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Pleasures of the telescope An Illustrated Guide for Amateur Astronomers and a Popular Description of the Chief Wonders of the Heavens for General Readers   By: (1851-1929)

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PLEASURES OF THE TELESCOPE

AN ILLUSTRATED GUIDE FOR AMATEUR ASTRONOMERS AND A POPULAR DESCRIPTION OF THE CHIEF WONDERS OF THE HEAVENS FOR GENERAL READERS

BY GARRETT P. SERVISS

AUTHOR OF ASTRONOMY WITH AN OPERA GLASS

"This being made, He yearned for worlds to make From other chaos out beyond our night For to create is still God's prime delight. The large moon, all alone, sailed her dark lake, And the first tides were moving to her might; Then Darkness trembled, and began to quake Big with the birth of stars, and when He spake A million worlds leapt into radiant light."

LLOYD MIFFLIN.

WITH MANY ILLUSTRATIONS

NEW YORK D. APPLETON AND COMPANY 1901

COPYRIGHT, 1901, BY D. APPLETON AND COMPANY.

PREFACE

By the introduction of a complete series of star maps, drawn specially for the use of the amateur and distributed through the body of the work, thus facilitating consultation, it is believed that this book makes a step in advance of its predecessors. The maps show all of the stars visible to the naked eye in the regions of sky represented, and, in addition, some stars that can only be seen with optical aid. The latter have been placed in the maps as guide posts in the telescopic field to assist those who are searching for faint and inconspicuous objects referred to in the text. As the book was not written for those who possess the equipment of an observatory, with telescopes driven by clockwork and provided with graduated circles, right ascensions and declinations are not given. All of the telescopic phenomena described are, however, represented in the maps. Star clusters are indicated by a conventional symbol, and nebulæ by a little white circle; while a small cross serves to mark the places where notable new stars have appeared. The relative magnitudes of the stars are approximately shown by the dimensions of their symbols in the maps, the smaller stars being represented by white dots and the larger by star shaped figures.

In regard to binary stars, it should be remembered that, in many cases, their distances and angles of position change so rapidly that any statement concerning them remains valid only for a few years at the most. There is also much confusion among the measurements announced by different authorities. In general, the most recent measurements obtainable in 1900 are given in the text, but the observer who wishes to study close and rapid binaries will do well to revise his information about them as frequently as possible. An excellent list of double stars kept up to date, will be found in the annual Companion to the Observatory, published in London.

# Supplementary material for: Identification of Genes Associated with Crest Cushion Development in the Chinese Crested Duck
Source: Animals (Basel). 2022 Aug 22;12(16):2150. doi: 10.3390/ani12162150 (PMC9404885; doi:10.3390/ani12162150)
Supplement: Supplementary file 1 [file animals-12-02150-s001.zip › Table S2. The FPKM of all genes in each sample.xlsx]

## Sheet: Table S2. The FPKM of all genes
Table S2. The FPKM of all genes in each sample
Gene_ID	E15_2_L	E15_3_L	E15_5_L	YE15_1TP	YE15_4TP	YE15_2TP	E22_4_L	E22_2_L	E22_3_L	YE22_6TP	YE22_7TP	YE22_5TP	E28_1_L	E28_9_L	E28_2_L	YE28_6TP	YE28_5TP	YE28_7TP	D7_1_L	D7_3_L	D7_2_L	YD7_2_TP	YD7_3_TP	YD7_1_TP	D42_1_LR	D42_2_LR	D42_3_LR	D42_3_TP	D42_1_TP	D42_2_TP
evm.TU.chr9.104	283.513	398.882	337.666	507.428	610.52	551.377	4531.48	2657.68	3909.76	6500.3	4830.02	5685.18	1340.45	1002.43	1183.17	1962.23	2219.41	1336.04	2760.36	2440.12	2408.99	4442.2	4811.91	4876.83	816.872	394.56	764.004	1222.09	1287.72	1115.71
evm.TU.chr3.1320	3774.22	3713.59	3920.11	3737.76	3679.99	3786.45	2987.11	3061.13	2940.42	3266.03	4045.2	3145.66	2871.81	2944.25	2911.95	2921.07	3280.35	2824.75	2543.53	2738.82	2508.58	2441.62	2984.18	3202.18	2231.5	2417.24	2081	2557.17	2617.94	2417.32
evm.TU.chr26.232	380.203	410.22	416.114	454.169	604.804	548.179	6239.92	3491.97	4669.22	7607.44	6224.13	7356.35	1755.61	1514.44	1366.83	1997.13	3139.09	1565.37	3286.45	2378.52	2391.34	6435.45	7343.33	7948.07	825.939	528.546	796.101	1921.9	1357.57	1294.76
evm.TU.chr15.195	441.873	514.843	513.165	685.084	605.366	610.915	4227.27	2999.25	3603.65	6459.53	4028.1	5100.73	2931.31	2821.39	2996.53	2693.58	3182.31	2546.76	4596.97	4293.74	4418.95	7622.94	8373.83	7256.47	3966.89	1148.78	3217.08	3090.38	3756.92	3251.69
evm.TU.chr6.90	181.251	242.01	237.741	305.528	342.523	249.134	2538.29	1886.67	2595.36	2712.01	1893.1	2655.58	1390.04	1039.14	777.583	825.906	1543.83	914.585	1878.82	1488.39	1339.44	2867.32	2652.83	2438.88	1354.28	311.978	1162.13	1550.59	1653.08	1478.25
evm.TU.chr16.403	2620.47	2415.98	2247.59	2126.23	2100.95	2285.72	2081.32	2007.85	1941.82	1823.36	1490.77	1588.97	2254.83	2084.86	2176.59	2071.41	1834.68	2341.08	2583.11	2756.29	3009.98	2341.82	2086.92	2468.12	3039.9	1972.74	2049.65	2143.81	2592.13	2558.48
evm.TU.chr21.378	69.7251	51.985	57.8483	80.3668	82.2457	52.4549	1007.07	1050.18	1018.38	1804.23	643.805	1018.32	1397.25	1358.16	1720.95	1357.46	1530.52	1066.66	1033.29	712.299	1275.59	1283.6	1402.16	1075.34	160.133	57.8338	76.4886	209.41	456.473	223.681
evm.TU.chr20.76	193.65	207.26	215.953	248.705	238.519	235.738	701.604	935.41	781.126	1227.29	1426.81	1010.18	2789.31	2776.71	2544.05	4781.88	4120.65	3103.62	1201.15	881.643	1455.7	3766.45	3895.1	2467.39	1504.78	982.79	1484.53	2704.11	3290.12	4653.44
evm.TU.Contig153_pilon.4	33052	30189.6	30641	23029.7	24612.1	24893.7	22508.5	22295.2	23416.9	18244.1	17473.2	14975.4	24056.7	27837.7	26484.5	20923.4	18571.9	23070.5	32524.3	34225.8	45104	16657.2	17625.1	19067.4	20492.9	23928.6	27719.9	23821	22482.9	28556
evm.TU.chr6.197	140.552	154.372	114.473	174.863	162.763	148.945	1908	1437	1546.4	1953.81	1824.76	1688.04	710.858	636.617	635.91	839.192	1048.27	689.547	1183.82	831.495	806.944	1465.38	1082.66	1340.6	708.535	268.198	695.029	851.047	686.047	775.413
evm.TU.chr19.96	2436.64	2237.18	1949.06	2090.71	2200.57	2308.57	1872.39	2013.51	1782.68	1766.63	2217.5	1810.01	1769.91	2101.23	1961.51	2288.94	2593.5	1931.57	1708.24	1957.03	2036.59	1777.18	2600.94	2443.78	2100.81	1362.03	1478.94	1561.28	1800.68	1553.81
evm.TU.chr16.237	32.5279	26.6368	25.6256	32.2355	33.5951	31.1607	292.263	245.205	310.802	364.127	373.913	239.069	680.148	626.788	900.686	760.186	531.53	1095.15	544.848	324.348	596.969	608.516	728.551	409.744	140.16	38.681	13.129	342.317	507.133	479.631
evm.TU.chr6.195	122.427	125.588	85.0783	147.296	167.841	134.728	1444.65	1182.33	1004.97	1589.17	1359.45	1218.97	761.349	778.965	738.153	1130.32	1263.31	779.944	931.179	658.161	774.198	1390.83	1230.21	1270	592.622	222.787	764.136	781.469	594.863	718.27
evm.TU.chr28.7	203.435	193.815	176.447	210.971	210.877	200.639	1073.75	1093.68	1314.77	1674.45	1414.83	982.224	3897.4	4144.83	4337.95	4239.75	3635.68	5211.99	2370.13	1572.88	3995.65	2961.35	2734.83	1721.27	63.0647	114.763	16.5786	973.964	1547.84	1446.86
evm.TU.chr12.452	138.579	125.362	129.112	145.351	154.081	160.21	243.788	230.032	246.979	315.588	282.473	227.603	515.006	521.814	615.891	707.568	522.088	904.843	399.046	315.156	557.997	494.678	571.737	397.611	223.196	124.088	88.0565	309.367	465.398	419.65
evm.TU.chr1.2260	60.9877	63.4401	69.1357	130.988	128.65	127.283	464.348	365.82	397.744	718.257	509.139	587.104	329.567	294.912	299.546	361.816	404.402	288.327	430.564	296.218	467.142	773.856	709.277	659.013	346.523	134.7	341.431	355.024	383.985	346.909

In the lunar charts the plan of inserting the names of the principal formations has been preferred to that usually followed, of indicating them only by numbers, accompanied by a key list. Even in the most detailed charts of the moon only a part of what is visible with telescopes can be shown, and the representation, at best, must be merely approximate. It is simply a question of what to include and what to omit; and in the present case the probable needs of the amateur observer have governed the selection readiness and convenience of reference being the chief aim.

It should, perhaps, be said here that the various chapters composing this book like those of "Astronomy with an Opera glass" were, in their original form, with the single exception of Chapter IX, published in Appletons' Popular Science Monthly. The author, it is needless to say, was much gratified by the expressed wish of many readers that these scattered papers should be revised and collected in a more permanent form. As bearing upon the general subject of the book, a chapter has been added, at the end, treating on the question of the existence of planets among the stars. This also first appeared in the periodical above mentioned... Continue reading book >>




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